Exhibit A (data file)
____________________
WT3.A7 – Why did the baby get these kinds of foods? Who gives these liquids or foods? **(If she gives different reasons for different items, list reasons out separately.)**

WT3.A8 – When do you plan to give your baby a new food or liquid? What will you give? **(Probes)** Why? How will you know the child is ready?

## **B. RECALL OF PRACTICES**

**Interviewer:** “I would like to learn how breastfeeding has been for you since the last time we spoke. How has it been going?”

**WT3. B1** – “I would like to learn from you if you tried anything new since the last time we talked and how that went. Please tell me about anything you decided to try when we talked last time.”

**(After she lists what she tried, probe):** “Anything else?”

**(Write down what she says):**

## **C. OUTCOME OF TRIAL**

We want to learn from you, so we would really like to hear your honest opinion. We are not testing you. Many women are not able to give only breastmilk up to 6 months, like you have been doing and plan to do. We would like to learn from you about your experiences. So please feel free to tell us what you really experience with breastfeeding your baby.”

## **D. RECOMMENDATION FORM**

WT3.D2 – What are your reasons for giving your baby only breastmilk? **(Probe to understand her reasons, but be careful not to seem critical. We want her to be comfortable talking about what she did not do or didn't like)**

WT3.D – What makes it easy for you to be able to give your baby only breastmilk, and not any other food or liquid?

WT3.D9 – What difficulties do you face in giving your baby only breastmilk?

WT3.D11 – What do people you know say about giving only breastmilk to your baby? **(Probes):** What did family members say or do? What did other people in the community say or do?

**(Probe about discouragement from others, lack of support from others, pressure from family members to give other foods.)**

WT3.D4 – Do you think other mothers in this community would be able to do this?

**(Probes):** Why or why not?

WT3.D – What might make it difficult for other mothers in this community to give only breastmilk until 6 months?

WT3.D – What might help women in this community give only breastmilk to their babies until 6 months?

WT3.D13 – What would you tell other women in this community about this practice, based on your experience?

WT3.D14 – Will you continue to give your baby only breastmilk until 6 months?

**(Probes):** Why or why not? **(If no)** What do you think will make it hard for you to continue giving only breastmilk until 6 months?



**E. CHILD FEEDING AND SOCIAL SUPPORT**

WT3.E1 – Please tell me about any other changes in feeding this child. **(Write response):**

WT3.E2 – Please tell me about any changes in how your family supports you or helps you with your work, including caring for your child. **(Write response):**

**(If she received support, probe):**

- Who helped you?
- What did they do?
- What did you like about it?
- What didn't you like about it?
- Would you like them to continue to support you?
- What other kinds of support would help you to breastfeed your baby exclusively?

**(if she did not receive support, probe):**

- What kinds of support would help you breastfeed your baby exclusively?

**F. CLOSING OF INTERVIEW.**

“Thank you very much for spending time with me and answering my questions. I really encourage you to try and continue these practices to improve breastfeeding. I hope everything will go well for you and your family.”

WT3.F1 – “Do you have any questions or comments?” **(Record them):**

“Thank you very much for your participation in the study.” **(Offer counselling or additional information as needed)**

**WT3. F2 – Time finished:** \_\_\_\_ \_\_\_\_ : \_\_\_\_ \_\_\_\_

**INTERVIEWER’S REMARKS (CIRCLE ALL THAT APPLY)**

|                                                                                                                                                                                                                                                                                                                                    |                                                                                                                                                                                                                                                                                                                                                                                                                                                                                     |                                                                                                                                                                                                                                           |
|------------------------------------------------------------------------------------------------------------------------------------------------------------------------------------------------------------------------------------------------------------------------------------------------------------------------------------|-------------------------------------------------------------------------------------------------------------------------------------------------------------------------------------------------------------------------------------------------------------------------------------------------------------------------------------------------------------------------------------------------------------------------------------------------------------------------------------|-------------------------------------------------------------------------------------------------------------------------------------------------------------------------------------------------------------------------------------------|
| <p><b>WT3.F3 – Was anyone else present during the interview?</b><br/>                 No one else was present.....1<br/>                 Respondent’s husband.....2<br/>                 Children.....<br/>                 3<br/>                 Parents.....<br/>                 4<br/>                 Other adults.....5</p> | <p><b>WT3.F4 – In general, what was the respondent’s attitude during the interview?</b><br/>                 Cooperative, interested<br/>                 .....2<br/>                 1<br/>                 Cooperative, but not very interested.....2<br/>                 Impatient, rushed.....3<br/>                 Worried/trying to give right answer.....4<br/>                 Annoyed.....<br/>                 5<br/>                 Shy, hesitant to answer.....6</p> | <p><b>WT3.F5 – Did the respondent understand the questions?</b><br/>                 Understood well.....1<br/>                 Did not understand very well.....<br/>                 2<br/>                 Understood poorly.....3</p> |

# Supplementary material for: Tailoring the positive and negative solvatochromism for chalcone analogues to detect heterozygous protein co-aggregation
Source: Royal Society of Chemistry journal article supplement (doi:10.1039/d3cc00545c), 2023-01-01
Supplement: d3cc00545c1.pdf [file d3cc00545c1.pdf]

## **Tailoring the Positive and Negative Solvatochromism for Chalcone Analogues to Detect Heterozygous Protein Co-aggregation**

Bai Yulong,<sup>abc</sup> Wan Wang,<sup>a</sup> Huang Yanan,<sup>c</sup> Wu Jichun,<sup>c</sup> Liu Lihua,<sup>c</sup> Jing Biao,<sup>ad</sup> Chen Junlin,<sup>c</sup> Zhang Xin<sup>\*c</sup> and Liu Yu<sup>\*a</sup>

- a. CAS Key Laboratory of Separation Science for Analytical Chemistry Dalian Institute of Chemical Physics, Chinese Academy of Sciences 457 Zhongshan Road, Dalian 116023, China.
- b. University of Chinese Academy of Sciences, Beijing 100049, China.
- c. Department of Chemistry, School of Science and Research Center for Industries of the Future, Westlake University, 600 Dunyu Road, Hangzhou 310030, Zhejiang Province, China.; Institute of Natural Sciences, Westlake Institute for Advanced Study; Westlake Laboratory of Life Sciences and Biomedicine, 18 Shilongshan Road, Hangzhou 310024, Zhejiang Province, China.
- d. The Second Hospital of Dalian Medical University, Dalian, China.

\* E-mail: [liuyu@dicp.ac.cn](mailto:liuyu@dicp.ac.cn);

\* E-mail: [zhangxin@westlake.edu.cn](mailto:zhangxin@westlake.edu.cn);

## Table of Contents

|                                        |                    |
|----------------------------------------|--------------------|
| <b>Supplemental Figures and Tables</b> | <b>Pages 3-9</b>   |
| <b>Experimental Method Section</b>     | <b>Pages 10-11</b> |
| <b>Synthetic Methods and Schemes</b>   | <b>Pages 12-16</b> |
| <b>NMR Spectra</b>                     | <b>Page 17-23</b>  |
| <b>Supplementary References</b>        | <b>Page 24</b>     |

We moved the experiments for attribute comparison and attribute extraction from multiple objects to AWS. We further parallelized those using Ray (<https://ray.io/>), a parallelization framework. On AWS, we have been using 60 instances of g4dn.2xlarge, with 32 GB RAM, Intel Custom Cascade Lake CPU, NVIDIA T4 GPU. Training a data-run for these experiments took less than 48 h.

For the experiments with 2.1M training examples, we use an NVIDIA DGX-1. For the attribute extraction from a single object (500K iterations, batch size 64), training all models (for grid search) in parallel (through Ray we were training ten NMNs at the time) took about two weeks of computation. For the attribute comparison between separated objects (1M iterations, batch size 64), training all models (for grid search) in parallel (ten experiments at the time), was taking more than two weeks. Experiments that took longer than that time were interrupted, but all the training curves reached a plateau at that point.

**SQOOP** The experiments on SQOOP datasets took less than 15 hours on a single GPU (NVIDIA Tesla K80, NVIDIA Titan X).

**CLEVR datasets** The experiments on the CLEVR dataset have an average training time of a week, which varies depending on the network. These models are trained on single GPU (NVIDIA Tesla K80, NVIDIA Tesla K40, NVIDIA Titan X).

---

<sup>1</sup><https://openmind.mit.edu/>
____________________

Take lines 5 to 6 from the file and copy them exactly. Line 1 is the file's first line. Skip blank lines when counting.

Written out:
**WT3. B1** – “I would like to learn from you if you tried anything new since the last time we talked and how that went. Please tell me about anything you decided to try when we talked last time.”

**(After she lists what she tried, probe):** “Anything else?”